SectionHiker Best LNT Trowels 2017

Packing a top-notch Leave No Trace trowel is one of the most responsible things you can do to preserve the backcountry for others to enjoy. While there’s nothing quite as satisfying as having a good bowel movement outdoors in the crisp morning air, surrounded by white-capped mountains and wild flowers, it’s important to leave no trace of your “passage.” In order to preserve that wilderness feeling for others, you should bury your poo, so it can biodegrade properly and not become an eyesore. But many Leave No Trace trowels sold today are too flimsy for use in backcountry terrain.

That’s why I put together this list of the best Leave No Trace trowels on the market. I’ve spent years researching and testing the best leave no trace trowels, digging cat holes in national parks and forests, and teaching Leave No Trace awareness sessions to narrow this list down to the very best of the best. I’ve heavily factored characteristics like price, weight, digging ability, and durability.

I hope this post helps you find the perfect Leave No Trace trowel to burying your poop in the wilderness for years to come. For more of my top gear recommendations, have a look through these popular SectionHiker Recommended Gear links:


PRICE – You shouldn’t have to spend a fortune to get a great Leave No Trace trowel. That’s why this list contains an array solid options in a variety of price ranges. If you backpack a lot, it probably makes sense to spend more for a quality product that will get many years of use. If you’re on a limited budget or unsure how much you’ll enjoy backpacking, you might want to try camping at a site with an outhouse before you invest in buying a trowel.

WEIGHT – A few ounces here and there might not seem like a big deal, but keeping pack weight down is critical for enjoying backpacking trips. Lightweight trowels make hiking more fun, and that’s what it’s all about. Every gram saved is a gram that can be used to hike faster and with less effort.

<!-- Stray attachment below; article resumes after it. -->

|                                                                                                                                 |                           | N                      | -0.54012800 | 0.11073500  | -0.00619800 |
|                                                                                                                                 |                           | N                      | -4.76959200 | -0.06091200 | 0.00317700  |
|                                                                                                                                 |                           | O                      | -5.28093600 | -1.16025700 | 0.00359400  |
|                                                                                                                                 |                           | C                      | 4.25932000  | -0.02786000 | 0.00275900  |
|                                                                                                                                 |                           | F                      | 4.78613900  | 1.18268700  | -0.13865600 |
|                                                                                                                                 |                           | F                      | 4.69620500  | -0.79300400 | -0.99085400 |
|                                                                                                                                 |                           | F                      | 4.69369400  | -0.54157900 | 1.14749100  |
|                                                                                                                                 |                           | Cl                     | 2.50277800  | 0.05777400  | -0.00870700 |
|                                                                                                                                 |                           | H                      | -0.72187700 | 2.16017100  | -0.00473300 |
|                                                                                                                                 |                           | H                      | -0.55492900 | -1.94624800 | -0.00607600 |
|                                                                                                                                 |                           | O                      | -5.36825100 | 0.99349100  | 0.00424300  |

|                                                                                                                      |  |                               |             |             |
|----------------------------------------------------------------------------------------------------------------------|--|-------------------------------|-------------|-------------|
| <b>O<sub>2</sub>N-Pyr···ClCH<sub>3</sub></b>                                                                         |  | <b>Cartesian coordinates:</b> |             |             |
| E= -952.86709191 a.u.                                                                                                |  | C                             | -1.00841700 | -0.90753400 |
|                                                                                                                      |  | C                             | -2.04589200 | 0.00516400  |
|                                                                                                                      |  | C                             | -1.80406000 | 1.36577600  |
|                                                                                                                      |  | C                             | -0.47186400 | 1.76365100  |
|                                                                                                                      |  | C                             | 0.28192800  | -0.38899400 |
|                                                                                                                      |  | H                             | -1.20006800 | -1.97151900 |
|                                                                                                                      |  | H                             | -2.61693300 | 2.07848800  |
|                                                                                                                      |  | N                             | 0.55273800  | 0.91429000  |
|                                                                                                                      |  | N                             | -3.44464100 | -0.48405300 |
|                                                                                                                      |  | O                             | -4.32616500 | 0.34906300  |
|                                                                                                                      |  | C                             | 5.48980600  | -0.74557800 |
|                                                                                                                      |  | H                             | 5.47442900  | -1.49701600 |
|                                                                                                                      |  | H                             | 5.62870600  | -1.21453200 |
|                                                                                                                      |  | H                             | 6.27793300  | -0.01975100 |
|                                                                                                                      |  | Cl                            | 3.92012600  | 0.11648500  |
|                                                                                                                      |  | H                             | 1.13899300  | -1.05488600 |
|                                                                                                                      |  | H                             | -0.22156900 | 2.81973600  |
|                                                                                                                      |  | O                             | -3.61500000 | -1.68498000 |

COLOR – Trowels should be brightly colored so you don’t lose them in wilderness settings. It’s easy to put down a trowel and lose it against a background of green or brown, but less so if it has a garish color that’s not normally found in nature.

MATERIAL – The material that a trowel is made from matters. If preserving the wilderness is your goal, it doesn’t make much sense to buy a product made from petrochemicals that won’t decompose if you throw it in a landfill.

DIGGING EDGE – A good Leave No Trace trowel needs to be able to dig through a variety of different soil types from ones with dense root networks to hard-packed soil and mud. Having a durable edge, capable of busting through tough soil conditions and levering out rocks is a must.

LENGTH – The recommended depth of a Leave No Trace cathole is 6-8″ deep. To dig that deep, you need a trowel that has a long enough handle and blade.

DURABILITY – A trowel is a critical piece of backcountry gear that should be able to withstand years of harsh use, UV damage, and when you accidentally drive over it with your car.

MADE IN USA – Let’s face it, the United States is on the way to becoming a third world country because we’ve off-shored our manufacturing base. If remaining the most powerful nation on earth is important for you, you’ll buy products made in the USA.

BUYING ONLINE – Check the seller’s return policy before you buy, but you can almost always return an unused trowel within a certain timeframe after purchasing. I recommend buying your top choice, testing it at home, and returning/exchanging it if it doesn’t feel quite right. I’ve been buying lightweight trowels online for years and I’ve yet to have a single problem.


QiWiz Big Dig

WEIGHT: 0.6 oz (15 grams)

FEATURES: Brightly colored so you can’t lose it with a sharp end that’s capable of cutting through roots, chopping through packed mud, and levering out stones. A full 7.25″ long, you can easily dig a cathole that’s the requisite 6″ deep and verify its depth using the trowel. An added lanyard hole makes it easy to clip to your backpack. The painted handle is not sharp and easy to hold.

BEST FOR: UL Backpackers who want a hand-fabricated titanium trowel made by a one-person cottage gear company in the USA.